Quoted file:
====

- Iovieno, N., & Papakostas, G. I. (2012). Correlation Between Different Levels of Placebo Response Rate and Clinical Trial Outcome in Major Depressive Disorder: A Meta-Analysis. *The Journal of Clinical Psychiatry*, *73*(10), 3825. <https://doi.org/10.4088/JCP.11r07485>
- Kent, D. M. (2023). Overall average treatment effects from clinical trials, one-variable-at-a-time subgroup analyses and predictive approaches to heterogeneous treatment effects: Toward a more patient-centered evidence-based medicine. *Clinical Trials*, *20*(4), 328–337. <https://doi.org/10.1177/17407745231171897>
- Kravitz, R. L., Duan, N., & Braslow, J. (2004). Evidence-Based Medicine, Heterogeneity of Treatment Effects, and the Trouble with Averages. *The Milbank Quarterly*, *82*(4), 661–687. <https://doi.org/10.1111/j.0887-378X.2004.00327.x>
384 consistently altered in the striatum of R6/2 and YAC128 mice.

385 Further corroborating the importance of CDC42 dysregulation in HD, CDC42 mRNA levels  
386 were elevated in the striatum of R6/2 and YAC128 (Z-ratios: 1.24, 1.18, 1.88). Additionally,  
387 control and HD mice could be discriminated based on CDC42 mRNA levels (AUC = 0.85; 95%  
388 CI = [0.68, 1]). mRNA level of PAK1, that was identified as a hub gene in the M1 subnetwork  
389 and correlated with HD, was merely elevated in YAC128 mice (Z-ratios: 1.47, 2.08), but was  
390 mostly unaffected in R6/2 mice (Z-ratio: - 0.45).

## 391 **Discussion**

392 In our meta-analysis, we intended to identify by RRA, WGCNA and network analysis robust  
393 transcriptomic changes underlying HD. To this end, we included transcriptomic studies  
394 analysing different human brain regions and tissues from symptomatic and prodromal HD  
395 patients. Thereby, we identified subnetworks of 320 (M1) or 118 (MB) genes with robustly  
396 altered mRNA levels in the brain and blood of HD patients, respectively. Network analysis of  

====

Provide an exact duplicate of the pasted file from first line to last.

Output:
- Iovieno, N., & Papakostas, G. I. (2012). Correlation Between Different Levels of Placebo Response Rate and Clinical Trial Outcome in Major Depressive Disorder: A Meta-Analysis. *The Journal of Clinical Psychiatry*, *73*(10), 3825. <https://doi.org/10.4088/JCP.11r07485>
- Kent, D. M. (2023). Overall average treatment effects from clinical trials, one-variable-at-a-time subgroup analyses and predictive approaches to heterogeneous treatment effects: Toward a more patient-centered evidence-based medicine. *Clinical Trials*, *20*(4), 328–337. <https://doi.org/10.1177/17407745231171897>
- Kravitz, R. L., Duan, N., & Braslow, J. (2004). Evidence-Based Medicine, Heterogeneity of Treatment Effects, and the Trouble with Averages. *The Milbank Quarterly*, *82*(4), 661–687. <https://doi.org/10.1111/j.0887-378X.2004.00327.x>
384 consistently altered in the striatum of R6/2 and YAC128 mice.

385 Further corroborating the importance of CDC42 dysregulation in HD, CDC42 mRNA levels  
386 were elevated in the striatum of R6/2 and YAC128 (Z-ratios: 1.24, 1.18, 1.88). Additionally,  
387 control and HD mice could be discriminated based on CDC42 mRNA levels (AUC = 0.85; 95%  
388 CI = [0.68, 1]). mRNA level of PAK1, that was identified as a hub gene in the M1 subnetwork  
389 and correlated with HD, was merely elevated in YAC128 mice (Z-ratios: 1.47, 2.08), but was  
390 mostly unaffected in R6/2 mice (Z-ratio: - 0.45).

## 391 **Discussion**

392 In our meta-analysis, we intended to identify by RRA, WGCNA and network analysis robust  
393 transcriptomic changes underlying HD. To this end, we included transcriptomic studies  
394 analysing different human brain regions and tissues from symptomatic and prodromal HD  
395 patients. Thereby, we identified subnetworks of 320 (M1) or 118 (MB) genes with robustly  
396 altered mRNA levels in the brain and blood of HD patients, respectively. Network analysis of  